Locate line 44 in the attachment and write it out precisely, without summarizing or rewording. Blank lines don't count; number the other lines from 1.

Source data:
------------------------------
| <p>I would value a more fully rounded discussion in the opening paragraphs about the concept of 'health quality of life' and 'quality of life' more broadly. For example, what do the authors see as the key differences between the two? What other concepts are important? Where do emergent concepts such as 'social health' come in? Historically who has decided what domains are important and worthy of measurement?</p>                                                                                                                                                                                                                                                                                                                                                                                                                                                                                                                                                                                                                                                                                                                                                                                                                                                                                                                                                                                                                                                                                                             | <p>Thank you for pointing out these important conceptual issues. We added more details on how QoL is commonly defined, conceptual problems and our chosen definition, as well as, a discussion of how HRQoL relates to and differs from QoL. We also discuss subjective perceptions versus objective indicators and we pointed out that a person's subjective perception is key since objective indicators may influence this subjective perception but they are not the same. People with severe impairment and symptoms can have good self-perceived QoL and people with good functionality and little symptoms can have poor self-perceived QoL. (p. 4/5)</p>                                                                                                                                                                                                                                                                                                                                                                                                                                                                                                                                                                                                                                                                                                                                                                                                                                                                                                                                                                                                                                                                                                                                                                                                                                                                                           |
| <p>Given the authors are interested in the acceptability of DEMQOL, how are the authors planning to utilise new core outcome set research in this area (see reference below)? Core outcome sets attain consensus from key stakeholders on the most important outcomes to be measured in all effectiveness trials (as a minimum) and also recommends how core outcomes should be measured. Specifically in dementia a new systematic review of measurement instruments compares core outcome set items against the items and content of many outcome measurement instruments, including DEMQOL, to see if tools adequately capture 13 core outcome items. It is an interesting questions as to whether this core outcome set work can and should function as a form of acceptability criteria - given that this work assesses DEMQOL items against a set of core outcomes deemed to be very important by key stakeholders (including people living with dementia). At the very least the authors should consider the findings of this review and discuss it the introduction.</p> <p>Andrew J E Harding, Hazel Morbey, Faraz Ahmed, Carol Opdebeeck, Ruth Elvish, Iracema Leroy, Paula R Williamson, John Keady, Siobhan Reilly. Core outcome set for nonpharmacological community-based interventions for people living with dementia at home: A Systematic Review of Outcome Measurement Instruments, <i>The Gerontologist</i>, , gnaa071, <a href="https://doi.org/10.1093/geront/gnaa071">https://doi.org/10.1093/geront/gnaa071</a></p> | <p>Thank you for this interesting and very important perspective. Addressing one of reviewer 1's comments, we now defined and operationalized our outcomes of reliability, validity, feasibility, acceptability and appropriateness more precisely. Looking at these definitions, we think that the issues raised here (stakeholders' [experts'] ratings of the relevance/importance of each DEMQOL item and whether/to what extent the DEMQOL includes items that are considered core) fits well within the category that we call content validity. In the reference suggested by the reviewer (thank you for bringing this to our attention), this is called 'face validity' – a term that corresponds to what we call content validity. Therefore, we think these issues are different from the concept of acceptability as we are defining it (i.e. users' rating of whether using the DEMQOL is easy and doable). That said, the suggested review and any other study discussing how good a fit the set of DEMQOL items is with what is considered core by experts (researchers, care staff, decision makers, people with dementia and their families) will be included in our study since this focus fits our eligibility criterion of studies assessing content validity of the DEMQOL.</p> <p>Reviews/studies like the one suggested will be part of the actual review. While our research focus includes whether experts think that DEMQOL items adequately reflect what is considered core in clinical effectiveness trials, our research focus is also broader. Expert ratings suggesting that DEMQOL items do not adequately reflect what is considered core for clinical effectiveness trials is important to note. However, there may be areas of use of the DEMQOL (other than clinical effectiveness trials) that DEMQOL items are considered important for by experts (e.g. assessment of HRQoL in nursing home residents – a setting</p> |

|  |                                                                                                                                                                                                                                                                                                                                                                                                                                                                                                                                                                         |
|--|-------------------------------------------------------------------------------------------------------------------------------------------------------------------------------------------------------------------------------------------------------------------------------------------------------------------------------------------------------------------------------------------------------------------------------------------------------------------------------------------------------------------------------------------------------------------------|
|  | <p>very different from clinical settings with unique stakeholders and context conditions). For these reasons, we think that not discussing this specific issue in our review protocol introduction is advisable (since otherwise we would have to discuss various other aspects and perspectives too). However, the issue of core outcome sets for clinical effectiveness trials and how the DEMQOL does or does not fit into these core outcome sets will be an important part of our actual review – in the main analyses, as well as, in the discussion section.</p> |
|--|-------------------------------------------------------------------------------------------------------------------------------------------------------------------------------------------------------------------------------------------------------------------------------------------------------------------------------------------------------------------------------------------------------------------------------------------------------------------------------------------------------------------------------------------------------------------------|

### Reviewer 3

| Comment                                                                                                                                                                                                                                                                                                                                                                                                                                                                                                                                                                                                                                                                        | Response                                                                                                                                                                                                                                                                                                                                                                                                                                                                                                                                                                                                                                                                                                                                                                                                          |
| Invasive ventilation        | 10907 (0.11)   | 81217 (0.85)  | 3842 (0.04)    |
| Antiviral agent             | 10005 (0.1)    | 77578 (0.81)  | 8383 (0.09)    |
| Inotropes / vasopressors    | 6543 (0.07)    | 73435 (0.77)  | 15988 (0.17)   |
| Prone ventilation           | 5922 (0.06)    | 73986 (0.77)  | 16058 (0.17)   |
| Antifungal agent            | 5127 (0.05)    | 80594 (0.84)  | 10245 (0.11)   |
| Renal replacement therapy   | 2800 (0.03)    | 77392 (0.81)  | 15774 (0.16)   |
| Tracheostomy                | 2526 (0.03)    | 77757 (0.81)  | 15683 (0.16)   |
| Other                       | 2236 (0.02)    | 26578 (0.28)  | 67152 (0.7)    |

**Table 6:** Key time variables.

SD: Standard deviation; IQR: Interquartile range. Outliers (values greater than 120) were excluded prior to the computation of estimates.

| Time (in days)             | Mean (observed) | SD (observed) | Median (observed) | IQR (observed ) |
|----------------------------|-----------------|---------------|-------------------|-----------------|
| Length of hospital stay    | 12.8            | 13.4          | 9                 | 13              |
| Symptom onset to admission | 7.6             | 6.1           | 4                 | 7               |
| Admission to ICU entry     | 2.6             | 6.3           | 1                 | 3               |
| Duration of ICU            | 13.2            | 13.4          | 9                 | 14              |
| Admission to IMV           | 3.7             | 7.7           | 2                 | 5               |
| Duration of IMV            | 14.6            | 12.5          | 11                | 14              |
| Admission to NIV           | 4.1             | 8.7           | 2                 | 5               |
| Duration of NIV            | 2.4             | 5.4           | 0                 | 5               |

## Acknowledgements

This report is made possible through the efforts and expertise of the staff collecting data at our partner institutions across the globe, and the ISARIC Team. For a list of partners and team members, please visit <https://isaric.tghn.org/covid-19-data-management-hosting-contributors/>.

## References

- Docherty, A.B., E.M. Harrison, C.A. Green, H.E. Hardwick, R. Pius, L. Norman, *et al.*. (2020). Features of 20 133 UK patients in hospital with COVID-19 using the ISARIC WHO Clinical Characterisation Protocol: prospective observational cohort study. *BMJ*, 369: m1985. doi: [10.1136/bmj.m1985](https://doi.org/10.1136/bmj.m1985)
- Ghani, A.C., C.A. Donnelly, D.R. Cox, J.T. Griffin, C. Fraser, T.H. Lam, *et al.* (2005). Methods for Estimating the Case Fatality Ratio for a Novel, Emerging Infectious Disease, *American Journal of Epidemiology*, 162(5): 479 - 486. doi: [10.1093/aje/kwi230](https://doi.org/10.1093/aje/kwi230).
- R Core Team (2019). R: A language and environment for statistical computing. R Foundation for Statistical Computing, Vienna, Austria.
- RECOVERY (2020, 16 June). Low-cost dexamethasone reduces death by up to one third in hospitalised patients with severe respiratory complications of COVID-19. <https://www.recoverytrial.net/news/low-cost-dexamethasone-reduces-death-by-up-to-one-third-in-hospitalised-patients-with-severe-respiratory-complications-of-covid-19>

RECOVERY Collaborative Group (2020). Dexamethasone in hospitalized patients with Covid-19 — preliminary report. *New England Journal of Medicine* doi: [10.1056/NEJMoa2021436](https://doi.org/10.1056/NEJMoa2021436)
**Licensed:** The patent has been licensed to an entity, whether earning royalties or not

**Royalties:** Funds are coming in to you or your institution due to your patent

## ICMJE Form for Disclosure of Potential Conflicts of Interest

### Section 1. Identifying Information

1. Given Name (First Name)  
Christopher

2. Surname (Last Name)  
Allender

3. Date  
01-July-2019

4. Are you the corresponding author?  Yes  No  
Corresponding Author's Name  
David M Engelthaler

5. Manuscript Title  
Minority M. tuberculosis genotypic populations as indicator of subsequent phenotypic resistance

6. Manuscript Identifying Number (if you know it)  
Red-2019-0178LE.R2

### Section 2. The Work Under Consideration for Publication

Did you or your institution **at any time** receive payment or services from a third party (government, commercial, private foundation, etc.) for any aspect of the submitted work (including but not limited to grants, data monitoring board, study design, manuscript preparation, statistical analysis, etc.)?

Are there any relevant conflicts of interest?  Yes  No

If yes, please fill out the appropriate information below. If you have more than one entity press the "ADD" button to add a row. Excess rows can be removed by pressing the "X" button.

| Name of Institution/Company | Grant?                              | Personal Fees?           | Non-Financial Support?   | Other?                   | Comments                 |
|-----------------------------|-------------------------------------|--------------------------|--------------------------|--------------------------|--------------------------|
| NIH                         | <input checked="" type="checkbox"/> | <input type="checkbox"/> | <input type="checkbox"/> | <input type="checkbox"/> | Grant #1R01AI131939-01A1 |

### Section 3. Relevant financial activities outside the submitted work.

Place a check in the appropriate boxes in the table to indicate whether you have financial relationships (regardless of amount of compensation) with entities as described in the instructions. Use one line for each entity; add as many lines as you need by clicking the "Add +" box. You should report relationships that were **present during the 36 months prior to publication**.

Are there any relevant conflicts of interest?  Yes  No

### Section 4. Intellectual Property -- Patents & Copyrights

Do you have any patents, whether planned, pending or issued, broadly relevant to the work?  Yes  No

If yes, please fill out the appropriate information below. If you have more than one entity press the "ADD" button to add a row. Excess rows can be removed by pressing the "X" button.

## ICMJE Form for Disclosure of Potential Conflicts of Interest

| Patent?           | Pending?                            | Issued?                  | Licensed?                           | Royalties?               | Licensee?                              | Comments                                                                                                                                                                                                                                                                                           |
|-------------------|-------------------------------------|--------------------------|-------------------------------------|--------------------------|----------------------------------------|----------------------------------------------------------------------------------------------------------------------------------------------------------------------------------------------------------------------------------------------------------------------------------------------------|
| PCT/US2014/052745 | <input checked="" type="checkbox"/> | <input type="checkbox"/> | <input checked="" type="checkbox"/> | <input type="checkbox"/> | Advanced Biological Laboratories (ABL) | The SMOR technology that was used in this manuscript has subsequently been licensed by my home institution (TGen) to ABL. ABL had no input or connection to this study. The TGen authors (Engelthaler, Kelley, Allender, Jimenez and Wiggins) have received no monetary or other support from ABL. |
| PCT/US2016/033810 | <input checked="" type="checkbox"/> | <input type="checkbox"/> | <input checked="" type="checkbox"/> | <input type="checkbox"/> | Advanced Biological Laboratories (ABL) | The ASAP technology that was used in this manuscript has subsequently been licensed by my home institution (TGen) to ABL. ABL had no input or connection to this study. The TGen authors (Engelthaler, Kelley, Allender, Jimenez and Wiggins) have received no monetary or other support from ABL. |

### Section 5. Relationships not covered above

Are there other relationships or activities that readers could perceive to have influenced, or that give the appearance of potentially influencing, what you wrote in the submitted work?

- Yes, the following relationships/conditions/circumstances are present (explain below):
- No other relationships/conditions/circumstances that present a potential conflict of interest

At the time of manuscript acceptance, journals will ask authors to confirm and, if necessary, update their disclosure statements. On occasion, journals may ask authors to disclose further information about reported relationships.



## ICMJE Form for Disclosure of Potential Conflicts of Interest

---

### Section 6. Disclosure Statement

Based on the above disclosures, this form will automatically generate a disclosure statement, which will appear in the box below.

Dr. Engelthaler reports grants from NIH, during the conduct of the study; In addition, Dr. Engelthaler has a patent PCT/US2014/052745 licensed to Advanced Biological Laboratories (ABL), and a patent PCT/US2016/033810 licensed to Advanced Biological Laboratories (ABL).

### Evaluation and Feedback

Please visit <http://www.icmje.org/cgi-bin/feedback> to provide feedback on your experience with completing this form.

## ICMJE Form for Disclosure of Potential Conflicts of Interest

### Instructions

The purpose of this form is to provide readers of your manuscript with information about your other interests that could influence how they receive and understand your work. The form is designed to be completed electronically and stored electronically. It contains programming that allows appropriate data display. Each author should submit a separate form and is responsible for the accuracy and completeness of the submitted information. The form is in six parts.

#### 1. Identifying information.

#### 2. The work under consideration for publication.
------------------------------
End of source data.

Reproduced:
Allender